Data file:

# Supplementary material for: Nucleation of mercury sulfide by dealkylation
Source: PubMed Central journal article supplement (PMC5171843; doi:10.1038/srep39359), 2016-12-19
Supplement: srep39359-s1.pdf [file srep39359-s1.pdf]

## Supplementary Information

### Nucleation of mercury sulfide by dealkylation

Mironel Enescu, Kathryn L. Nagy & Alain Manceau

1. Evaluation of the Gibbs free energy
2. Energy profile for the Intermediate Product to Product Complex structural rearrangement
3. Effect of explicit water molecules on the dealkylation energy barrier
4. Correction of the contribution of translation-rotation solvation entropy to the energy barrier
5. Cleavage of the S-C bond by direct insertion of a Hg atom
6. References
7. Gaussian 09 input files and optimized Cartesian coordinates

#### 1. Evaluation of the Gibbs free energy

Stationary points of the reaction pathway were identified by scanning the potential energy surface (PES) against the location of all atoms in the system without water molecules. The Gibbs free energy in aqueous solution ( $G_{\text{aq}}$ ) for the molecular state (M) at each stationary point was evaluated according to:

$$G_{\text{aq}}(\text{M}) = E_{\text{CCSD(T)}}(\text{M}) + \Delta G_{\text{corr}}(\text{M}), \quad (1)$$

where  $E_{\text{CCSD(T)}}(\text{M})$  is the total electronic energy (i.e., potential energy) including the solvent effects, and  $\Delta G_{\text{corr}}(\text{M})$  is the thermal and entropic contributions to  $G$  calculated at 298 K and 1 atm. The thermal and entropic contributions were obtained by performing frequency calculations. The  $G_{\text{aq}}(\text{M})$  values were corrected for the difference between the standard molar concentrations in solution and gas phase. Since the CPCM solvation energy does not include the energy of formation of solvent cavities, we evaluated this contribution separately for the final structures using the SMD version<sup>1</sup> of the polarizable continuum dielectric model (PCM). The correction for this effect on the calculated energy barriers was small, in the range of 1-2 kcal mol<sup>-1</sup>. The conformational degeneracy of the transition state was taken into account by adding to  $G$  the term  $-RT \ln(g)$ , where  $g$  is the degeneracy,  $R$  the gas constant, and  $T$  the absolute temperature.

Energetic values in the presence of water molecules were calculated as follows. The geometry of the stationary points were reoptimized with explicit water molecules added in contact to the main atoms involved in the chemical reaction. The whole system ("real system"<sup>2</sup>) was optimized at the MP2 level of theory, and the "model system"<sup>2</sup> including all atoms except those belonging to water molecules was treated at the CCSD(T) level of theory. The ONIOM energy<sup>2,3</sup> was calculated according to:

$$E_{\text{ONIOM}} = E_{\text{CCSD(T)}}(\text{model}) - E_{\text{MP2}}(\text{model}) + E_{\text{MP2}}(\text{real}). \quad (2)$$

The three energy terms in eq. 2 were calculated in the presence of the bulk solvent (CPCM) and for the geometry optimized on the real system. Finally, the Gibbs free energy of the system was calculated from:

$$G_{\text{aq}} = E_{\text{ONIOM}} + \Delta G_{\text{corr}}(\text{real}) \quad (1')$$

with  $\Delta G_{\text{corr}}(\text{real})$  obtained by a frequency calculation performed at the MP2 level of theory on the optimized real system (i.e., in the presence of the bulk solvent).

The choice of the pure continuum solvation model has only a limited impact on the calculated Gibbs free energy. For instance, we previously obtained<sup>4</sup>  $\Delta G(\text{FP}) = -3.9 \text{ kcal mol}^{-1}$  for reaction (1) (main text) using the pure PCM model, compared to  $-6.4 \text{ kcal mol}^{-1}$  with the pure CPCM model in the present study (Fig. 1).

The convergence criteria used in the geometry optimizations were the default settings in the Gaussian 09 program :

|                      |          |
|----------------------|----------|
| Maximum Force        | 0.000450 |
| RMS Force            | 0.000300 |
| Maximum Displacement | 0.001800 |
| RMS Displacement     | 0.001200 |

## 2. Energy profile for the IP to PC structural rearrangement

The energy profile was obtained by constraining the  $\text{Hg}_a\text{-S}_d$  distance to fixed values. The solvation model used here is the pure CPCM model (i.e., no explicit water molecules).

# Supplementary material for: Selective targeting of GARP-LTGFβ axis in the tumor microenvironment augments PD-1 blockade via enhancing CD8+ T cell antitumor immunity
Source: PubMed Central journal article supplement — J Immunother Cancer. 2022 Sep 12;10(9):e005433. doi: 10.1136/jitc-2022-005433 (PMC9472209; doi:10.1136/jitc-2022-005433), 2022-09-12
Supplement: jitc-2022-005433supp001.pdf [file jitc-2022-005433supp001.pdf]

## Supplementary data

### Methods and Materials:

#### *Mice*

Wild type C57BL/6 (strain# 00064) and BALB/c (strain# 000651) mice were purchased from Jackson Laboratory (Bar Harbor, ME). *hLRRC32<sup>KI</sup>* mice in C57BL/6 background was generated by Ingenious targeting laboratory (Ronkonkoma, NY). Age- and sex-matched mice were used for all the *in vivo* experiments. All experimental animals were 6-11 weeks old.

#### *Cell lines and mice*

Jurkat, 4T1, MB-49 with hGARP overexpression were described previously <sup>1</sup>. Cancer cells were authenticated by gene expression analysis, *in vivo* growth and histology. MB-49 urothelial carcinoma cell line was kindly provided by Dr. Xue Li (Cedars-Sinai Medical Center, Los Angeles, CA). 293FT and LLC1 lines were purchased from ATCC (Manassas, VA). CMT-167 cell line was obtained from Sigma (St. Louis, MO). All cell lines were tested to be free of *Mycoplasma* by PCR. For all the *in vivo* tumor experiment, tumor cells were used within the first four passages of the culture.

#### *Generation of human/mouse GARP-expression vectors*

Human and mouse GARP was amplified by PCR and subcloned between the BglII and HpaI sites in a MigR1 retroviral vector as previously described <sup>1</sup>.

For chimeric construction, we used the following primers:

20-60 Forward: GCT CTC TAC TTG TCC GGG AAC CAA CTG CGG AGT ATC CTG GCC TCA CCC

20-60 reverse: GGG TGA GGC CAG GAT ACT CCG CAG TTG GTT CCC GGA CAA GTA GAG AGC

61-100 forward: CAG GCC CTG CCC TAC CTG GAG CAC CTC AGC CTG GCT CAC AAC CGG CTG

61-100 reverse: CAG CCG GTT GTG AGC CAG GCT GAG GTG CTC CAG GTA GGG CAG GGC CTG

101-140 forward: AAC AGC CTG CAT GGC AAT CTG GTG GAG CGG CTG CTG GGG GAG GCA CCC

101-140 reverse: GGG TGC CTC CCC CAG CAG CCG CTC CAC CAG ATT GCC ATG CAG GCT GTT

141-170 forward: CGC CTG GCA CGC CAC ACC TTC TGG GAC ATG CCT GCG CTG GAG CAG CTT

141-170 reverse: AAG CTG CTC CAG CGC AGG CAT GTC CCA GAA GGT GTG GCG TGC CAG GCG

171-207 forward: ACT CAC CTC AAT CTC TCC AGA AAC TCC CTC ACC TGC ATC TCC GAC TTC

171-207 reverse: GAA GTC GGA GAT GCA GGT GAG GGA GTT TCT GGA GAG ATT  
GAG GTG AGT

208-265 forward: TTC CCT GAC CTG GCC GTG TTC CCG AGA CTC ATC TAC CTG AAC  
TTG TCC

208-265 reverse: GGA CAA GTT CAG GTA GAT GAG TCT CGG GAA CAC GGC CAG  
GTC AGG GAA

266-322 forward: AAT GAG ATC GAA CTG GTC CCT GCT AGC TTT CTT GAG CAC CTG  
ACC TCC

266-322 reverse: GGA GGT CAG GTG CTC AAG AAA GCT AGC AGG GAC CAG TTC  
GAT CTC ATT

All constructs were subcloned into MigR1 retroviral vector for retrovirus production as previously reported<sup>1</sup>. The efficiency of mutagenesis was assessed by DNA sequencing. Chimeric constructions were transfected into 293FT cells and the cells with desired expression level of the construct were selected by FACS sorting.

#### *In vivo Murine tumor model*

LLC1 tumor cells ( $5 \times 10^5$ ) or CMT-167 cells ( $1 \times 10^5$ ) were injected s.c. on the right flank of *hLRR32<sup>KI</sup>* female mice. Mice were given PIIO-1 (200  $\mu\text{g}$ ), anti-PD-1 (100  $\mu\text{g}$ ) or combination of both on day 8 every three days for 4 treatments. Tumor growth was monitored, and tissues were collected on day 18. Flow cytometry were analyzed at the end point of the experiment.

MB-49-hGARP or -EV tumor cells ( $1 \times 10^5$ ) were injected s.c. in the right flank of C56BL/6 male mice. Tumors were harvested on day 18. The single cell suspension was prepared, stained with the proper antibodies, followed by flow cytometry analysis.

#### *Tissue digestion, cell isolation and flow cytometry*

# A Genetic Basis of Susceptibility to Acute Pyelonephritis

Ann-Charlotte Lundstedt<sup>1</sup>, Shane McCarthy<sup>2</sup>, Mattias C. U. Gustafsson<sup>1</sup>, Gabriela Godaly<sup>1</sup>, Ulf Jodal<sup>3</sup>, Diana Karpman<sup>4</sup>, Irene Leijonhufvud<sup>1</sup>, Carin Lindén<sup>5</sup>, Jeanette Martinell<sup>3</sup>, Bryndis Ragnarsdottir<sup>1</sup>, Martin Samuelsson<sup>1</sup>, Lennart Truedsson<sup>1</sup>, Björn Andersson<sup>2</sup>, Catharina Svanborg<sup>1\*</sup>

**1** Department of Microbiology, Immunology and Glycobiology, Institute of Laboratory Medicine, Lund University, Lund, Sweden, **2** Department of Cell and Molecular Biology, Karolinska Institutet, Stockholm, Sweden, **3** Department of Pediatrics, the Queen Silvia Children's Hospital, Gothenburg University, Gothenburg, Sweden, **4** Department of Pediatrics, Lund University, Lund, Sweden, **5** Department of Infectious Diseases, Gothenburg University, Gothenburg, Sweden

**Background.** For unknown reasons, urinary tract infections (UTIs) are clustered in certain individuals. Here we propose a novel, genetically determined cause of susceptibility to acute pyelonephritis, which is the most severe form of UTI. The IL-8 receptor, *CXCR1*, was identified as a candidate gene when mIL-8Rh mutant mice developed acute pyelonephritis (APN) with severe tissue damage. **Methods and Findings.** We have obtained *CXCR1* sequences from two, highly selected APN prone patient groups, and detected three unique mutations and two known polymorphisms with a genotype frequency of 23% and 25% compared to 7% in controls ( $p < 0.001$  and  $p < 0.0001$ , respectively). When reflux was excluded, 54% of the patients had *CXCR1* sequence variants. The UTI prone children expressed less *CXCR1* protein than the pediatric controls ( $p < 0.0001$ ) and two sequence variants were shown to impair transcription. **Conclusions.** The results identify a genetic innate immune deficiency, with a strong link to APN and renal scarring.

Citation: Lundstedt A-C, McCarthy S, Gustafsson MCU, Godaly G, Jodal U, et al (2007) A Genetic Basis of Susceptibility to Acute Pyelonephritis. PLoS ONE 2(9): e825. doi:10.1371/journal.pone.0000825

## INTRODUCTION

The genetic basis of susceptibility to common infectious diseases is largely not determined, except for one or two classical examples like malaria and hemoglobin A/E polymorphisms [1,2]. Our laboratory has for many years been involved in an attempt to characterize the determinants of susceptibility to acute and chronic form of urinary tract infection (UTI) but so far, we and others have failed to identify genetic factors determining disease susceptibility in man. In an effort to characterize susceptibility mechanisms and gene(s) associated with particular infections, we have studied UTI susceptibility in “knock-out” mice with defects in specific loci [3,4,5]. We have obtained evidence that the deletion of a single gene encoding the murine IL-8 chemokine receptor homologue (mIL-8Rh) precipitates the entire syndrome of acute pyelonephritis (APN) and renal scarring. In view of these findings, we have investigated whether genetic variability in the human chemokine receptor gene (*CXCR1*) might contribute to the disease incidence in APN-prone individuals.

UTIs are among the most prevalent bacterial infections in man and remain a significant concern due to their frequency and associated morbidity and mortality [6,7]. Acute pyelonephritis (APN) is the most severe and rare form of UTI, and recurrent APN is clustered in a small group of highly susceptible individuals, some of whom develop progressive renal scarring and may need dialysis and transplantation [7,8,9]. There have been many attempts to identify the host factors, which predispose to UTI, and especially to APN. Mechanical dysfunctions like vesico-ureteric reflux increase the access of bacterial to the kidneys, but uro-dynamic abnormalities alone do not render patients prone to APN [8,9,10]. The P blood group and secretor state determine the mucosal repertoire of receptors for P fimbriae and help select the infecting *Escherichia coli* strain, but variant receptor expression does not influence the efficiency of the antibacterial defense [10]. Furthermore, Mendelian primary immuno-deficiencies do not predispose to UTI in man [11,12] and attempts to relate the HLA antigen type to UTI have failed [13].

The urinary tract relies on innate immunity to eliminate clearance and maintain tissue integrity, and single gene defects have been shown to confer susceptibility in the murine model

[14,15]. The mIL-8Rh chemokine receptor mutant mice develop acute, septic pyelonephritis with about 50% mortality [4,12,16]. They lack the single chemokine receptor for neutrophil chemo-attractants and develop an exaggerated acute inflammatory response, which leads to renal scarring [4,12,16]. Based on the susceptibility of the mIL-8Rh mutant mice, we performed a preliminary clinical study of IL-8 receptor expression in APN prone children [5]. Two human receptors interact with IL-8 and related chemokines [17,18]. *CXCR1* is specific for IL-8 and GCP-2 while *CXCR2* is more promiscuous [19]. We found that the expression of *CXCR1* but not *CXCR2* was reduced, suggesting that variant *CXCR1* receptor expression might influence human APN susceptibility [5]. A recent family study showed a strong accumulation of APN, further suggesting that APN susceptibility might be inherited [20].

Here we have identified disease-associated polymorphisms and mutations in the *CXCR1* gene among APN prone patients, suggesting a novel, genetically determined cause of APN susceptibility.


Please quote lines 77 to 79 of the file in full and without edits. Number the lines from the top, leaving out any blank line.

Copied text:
The urinary tract relies on innate immunity to eliminate clearance and maintain tissue integrity, and single gene defects have been shown to confer susceptibility in the murine model

[14,15]. The mIL-8Rh chemokine receptor mutant mice develop acute, septic pyelonephritis with about 50% mortality [4,12,16]. They lack the single chemokine receptor for neutrophil chemo-attractants and develop an exaggerated acute inflammatory response, which leads to renal scarring [4,12,16]. Based on the susceptibility of the mIL-8Rh mutant mice, we performed a preliminary clinical study of IL-8 receptor expression in APN prone children [5]. Two human receptors interact with IL-8 and related chemokines [17,18]. *CXCR1* is specific for IL-8 and GCP-2 while *CXCR2* is more promiscuous [19]. We found that the expression of *CXCR1* but not *CXCR2* was reduced, suggesting that variant *CXCR1* receptor expression might influence human APN susceptibility [5]. A recent family study showed a strong accumulation of APN, further suggesting that APN susceptibility might be inherited [20].

Here we have identified disease-associated polymorphisms and mutations in the *CXCR1* gene among APN prone patients, suggesting a novel, genetically determined cause of APN susceptibility.